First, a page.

As an early Summer break, my wife and I thought it would be worth taking a chill week off and visiting France. Despite having traveled to a fair few far flung places, I’d not been to France before, and felt it was high time to dredge up my pigeon language skills and bag a baguette. We also wanted to make sure we could spend some time doing nothing bar drink wine and eat fine cheese, so we booked an Air BnB stop over in Paris for two nights before heading on down to the Bordeaux region for some R&R.
Paris is certainly on my list of places to visit, so it rather exciting spending a few days traversing the tourist traps, catching fleeting views of the Louvre, Arc de Triomphe, Eiffel tower, Pompidou centre, dipping croissants in hot chocolate and munching on some delicious entrecôte and frites. Paris befitted all the romantic stereotypes – it was as crowded, stuffy, impersonal and urine scented as I’d always imagined and I can’t wait to visit again one day with a bit more time on my hands.
Taking the TGV down towards Bordeaux, we arrived at our home for the next four nights – the Chateau le Bosquet des Fleurs, near the petite village of La Reole. Our host Karine, kindly picked us up from the train station and upon arriving at her chateau home, left us with a bottle of her own wine. We had arrived Sunday evening, so expected the nearby village to be pretty quite, but were pleased to find a pizzaria still open. What I don’t think we quite realised was that the village would also largely be closed Monday, Tuesday and Wednesday with cafes and restaurants finally waking up Thursday evening. If living the dream means only having a two and a half day week, I’m in.
Our first day was spent exploring the rough round the edges village of La Reole. There is a sense that it may have had it’s day, but there were some charming highlights in this medieval settlement that was once the seat of French democaracy: The fantastic crepêrie, L’échoppe serving up delicious and cheap galettes and crepes, the ever reliable boulangerie and the picturesque monastery that sits on the edge of the village looking out over the river Garrone which provides the setting for Gustav Eiffel’s first major work – the bridge across it.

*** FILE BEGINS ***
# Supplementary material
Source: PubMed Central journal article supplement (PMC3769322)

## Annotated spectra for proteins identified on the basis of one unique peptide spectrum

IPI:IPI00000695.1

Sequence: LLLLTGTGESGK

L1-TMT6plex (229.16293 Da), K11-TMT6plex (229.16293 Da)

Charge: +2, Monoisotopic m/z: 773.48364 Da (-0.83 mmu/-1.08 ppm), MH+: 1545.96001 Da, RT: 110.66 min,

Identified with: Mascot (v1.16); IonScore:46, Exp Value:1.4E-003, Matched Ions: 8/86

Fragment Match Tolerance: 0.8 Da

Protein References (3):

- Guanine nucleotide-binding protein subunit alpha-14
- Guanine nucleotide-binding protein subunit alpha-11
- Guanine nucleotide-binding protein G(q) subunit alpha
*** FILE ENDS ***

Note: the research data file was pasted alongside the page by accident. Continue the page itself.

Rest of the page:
Hopping on the train to travel further down the river, we visited Bordeau for a day out. Once the jewel in the wine producing region’s crown, it’s a vibrant multi-cultral city with a surprisingly unpretentious, but creative air and a laid-back atmosphere. the grey drizzle may have exposed it’s more gritty edges but we enjoyed lunch at less than half Paris prices and visited the excellent CAPC musée of contemporary art set in an old colonial warehouse
That was showing a piece by Tomoaki Suzuki.
After a rainy day schlepping about the chateau, having a chilly dip the pool, playing cards and catching up on some reading, we paid for a home cooked meal by our host. Karine cooked up a treat of wine poached egg salad, slow cooked duck and potato gratin all washed down with wine made from the vines in view from the window.
Visiting the nearby town of Marmande was unremarkable, not least due to us forgetting that the town would shut down for about three hours over lunchtime – again, something the French seem to do so well 😉 However, I did partake of a popular lunchtime delicacy – steak tartare. Not through the typical foolish Brit abroad mistake, but I genuinely wanted to try it. The plate of raw chopped beef was presented with a raw egg and herbs to mix up and I munched it down with a side of fries. Interesting!
My French trip was ever so fleeting, and I can’t wait to visit more of the country. I was surprised how quickly my terrible GCSE language skills came back to me and how accommodating and down to earth people were towards me at least attempting some Francais (yes, even in Paris). Despite being a bit cliché, The food was great overall, and far more simple than I had expected. It’s the simplicity of meat and potatoes or bread and cheese with reliable wine that make it great and far less rich and overblown than I may have been expecting.